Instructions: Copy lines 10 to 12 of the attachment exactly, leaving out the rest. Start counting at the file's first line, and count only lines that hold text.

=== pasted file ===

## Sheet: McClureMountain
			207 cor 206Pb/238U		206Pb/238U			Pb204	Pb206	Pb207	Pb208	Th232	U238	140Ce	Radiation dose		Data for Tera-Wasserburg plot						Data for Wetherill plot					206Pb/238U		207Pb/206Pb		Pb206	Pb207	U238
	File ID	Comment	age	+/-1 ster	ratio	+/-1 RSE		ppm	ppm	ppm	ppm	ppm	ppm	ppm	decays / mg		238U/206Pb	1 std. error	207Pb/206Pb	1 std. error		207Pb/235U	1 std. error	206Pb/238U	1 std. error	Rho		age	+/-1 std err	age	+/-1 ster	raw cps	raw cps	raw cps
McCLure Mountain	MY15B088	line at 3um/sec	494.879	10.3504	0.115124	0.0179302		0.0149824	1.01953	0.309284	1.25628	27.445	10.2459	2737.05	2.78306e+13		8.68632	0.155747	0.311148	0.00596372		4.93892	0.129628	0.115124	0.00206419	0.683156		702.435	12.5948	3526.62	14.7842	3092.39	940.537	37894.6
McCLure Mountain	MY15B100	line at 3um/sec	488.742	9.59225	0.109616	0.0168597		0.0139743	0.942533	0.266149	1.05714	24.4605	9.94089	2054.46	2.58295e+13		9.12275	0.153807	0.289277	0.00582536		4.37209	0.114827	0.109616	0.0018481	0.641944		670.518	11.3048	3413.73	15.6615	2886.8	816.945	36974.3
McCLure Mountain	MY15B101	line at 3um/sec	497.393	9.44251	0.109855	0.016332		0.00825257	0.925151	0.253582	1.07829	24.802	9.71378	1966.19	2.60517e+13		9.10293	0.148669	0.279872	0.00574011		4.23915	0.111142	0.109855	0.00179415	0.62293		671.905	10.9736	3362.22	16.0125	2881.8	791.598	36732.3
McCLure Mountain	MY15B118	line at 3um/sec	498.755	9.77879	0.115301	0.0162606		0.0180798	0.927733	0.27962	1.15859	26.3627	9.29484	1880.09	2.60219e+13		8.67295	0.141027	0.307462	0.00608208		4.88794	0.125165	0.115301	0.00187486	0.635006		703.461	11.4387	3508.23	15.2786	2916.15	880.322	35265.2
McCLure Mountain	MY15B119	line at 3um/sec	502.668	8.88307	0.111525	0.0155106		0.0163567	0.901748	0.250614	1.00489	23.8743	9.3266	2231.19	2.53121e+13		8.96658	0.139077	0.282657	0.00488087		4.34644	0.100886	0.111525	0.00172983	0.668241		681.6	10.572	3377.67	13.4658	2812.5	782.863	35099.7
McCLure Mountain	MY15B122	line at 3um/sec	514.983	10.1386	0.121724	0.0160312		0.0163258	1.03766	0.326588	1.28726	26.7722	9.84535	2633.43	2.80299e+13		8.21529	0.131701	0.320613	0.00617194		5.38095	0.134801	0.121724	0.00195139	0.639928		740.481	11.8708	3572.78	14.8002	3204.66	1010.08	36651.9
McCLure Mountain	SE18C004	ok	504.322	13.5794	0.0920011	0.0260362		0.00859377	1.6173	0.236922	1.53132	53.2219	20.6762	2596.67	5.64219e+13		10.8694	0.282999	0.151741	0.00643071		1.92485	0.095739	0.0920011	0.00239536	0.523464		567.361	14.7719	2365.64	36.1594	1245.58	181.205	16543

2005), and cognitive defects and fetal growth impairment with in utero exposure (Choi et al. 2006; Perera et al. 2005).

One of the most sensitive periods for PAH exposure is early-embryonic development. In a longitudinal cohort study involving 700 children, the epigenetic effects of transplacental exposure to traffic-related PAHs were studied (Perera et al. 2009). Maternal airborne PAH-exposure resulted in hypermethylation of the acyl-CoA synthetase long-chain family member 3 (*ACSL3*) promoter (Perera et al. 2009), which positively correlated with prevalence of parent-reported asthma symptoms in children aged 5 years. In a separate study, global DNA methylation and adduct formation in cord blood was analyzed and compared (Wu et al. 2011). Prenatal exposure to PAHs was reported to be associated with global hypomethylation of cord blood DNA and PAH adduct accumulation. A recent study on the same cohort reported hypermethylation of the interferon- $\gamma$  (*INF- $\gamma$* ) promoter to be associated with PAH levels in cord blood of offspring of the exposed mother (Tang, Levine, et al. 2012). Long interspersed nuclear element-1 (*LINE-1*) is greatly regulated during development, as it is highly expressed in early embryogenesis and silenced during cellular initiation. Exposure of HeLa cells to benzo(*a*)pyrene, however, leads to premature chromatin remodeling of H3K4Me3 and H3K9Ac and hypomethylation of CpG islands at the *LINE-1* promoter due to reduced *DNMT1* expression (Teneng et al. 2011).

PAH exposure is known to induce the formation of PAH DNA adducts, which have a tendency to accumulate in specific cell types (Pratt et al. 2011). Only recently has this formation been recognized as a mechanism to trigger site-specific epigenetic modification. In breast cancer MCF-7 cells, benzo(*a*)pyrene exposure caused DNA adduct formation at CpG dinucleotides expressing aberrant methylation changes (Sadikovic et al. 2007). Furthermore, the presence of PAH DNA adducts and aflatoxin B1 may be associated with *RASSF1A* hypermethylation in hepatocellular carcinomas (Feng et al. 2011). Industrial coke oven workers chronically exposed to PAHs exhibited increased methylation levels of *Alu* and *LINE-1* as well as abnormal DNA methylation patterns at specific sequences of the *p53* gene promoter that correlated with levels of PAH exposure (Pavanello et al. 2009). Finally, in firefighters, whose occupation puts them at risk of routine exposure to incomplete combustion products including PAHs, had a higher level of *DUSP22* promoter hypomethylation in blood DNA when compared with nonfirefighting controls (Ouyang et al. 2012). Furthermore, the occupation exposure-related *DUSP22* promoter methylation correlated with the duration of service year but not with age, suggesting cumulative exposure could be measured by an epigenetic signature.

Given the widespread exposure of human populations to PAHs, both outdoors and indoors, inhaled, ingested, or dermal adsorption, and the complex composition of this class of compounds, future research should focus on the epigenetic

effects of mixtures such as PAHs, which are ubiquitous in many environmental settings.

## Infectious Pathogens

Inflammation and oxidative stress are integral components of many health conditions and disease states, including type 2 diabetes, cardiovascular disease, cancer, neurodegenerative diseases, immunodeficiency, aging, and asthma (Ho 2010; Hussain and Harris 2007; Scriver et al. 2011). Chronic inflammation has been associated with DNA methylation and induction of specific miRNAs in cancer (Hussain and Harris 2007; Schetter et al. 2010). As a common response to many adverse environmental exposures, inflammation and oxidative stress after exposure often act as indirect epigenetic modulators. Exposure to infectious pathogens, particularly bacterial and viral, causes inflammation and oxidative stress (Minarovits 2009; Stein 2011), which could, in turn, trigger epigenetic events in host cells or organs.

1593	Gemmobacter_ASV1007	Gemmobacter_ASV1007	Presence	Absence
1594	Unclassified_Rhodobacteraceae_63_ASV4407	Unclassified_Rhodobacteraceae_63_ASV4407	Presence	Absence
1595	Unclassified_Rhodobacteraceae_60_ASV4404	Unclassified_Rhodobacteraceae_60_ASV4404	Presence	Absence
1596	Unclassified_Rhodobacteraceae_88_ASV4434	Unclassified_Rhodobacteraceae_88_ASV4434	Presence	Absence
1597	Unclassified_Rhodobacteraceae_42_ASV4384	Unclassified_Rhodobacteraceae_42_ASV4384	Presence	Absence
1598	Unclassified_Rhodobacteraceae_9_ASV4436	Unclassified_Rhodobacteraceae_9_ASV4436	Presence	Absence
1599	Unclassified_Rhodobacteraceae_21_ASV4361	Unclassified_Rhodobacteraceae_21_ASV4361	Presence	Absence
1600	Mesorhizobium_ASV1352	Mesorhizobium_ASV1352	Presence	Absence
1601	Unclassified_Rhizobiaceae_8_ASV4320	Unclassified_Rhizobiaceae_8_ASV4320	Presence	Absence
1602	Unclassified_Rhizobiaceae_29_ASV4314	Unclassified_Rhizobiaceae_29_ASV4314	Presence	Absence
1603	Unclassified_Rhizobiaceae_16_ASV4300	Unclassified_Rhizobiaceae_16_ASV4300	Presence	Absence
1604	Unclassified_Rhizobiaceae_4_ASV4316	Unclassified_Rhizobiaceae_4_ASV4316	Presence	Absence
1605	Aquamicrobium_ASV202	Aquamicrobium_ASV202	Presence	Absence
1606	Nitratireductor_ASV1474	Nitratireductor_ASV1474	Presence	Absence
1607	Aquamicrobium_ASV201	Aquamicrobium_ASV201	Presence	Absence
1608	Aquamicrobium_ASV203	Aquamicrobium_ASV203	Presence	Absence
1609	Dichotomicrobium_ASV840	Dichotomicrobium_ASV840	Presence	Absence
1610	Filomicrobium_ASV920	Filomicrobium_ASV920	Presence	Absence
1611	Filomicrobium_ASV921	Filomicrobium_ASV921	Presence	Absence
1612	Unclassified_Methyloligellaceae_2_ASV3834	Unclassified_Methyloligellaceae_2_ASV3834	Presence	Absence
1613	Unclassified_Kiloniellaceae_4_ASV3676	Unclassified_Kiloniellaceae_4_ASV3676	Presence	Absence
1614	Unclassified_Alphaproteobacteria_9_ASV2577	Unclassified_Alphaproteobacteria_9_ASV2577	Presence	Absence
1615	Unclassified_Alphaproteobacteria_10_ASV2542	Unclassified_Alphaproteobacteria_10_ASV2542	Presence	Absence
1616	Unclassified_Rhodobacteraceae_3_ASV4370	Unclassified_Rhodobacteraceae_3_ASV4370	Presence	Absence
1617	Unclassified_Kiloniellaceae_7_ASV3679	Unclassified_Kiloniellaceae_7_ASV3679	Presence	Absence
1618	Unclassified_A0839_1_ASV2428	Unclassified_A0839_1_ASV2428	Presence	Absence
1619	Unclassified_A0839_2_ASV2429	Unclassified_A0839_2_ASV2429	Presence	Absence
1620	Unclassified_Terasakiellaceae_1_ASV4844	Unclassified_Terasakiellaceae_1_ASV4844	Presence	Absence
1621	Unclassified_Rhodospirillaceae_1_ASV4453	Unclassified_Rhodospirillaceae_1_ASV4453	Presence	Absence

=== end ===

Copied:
McCLure Mountain	SE18C004	ok	504.322	13.5794	0.0920011	0.0260362		0.00859377	1.6173	0.236922	1.53132	53.2219	20.6762	2596.67	5.64219e+13		10.8694	0.282999	0.151741	0.00643071		1.92485	0.095739	0.0920011	0.00239536	0.523464		567.361	14.7719	2365.64	36.1594	1245.58	181.205	16543

2005), and cognitive defects and fetal growth impairment with in utero exposure (Choi et al. 2006; Perera et al. 2005).

One of the most sensitive periods for PAH exposure is early-embryonic development. In a longitudinal cohort study involving 700 children, the epigenetic effects of transplacental exposure to traffic-related PAHs were studied (Perera et al. 2009). Maternal airborne PAH-exposure resulted in hypermethylation of the acyl-CoA synthetase long-chain family member 3 (*ACSL3*) promoter (Perera et al. 2009), which positively correlated with prevalence of parent-reported asthma symptoms in children aged 5 years. In a separate study, global DNA methylation and adduct formation in cord blood was analyzed and compared (Wu et al. 2011). Prenatal exposure to PAHs was reported to be associated with global hypomethylation of cord blood DNA and PAH adduct accumulation. A recent study on the same cohort reported hypermethylation of the interferon- $\gamma$  (*INF- $\gamma$* ) promoter to be associated with PAH levels in cord blood of offspring of the exposed mother (Tang, Levine, et al. 2012). Long interspersed nuclear element-1 (*LINE-1*) is greatly regulated during development, as it is highly expressed in early embryogenesis and silenced during cellular initiation. Exposure of HeLa cells to benzo(*a*)pyrene, however, leads to premature chromatin remodeling of H3K4Me3 and H3K9Ac and hypomethylation of CpG islands at the *LINE-1* promoter due to reduced *DNMT1* expression (Teneng et al. 2011).